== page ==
Human and rat skeletal muscle single-nuclei multi-omic integrative analyses nominate causal cell types, regulatory elements, and SNPs for complex traits
Charles F. Burant,
Stephen C.J. Parker
Posted 02 Jul 2020
bioRxiv DOI: 10.1101/2020.07.01.183004
Posted 02 Jul 2020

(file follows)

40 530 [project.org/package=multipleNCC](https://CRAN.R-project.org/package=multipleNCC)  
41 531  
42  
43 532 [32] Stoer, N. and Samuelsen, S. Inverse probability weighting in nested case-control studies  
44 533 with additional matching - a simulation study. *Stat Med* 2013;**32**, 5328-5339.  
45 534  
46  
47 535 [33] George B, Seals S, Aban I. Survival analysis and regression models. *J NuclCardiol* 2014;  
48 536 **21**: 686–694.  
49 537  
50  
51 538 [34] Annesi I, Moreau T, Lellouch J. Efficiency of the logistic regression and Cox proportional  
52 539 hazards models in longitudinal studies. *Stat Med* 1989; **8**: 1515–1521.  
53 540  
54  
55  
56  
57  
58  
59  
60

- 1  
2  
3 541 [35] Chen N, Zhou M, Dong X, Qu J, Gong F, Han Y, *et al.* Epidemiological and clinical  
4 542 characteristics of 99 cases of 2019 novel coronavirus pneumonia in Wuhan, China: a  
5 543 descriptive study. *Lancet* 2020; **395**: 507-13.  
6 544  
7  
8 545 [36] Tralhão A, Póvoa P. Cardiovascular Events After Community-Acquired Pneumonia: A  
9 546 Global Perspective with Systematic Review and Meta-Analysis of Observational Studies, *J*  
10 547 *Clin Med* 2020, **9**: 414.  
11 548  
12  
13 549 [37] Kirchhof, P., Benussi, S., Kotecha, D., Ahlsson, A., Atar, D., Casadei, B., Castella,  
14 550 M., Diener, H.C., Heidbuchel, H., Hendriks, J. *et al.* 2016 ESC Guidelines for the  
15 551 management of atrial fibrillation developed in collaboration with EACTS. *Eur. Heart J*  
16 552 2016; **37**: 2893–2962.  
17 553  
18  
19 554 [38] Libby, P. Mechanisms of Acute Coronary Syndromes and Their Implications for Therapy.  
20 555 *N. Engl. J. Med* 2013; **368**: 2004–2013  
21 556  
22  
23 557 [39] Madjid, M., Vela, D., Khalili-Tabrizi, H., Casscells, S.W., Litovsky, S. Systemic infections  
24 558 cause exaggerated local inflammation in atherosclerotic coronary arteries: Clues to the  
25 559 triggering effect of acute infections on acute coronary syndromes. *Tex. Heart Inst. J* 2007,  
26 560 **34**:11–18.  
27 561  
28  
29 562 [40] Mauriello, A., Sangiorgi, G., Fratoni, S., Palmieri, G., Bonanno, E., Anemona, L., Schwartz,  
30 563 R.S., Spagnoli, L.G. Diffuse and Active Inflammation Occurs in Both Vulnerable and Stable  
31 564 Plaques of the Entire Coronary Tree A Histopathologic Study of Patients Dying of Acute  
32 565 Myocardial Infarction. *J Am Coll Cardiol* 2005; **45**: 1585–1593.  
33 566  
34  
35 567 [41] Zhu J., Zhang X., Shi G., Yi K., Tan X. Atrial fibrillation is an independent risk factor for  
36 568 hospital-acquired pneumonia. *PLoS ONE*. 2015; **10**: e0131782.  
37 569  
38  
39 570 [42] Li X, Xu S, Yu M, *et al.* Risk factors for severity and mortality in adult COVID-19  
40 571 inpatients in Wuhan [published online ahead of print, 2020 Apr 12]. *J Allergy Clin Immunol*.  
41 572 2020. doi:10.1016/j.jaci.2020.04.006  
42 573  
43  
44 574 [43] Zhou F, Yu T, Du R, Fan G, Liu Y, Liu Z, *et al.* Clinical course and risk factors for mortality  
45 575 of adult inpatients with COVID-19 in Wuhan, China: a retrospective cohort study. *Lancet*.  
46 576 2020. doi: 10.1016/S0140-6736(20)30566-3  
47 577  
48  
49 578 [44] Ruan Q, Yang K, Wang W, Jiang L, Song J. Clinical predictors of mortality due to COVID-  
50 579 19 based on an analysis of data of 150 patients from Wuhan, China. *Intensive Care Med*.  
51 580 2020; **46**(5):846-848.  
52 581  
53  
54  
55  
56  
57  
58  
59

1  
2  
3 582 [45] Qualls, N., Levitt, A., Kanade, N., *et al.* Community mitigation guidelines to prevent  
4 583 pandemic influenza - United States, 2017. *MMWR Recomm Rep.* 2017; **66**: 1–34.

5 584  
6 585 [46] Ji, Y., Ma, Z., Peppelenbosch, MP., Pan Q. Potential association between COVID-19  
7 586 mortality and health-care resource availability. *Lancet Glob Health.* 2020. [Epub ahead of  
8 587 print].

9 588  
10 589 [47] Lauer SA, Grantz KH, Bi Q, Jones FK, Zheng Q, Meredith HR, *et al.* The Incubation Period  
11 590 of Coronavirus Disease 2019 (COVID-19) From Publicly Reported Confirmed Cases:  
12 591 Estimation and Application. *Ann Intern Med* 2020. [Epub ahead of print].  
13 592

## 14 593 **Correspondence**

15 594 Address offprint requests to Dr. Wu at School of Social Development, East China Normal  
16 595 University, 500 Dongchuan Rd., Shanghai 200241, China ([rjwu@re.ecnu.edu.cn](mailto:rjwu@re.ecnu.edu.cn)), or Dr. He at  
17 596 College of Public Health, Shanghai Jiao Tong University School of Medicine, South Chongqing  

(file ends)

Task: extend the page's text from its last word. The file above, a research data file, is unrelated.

Background: Skeletal muscle accounts for the largest proportion of human body mass, on average, and is a key tissue in complex diseases, mobility, and quality of life. It is composed of several different cell and muscle fiber types. Results: Here, we optimize single-nucleus ATAC-seq (snATAC-seq) to map skeletal muscle cell-specific chromatin accessibility landscapes in frozen human and rat samples, and single-nucleus RNA-seq (snRNA-seq) to map cell-specific transcriptomes in human. We capture type I and type II muscle fiber signatures, which are generally missed by existing single-cell RNA-seq methods. We perform cross-modality and cross-species integrative analyses on 30,531 nuclei, representing 11 libraries, profiled in this study, and identify seven distinct cell types ranging in abundance from 63% (type II fibers) to 0.9% (muscle satellite cells) of all nuclei. We introduce a regression-based approach to infer cell types by comparing transcription start site-distal ATAC-seq peaks to reference enhancer maps and show consistency with RNA-based marker gene cell type assignments. We find heterogeneity in enrichment of genetic variants linked to complex phenotypes from the UK Biobank and diabetes genome wide association studies in cell-specific ATAC-seq peaks, with the most striking enrichment patterns in muscle mesenchymal stem cells (~3% of nuclei). Finally, we overlay these chromatin accessibility maps on GWAS data to nominate causal cell types, SNPs, and transcription factor motifs for creatinine levels and type 2 diabetes signals. Conclusions: These chromatin accessibility profiles for human and rat skeletal muscle cell types are a useful resource for investigating specific cell types and nominating causal GWAS SNPs and cell types. ### Competing Interest Statement The authors have declared no competing interest.
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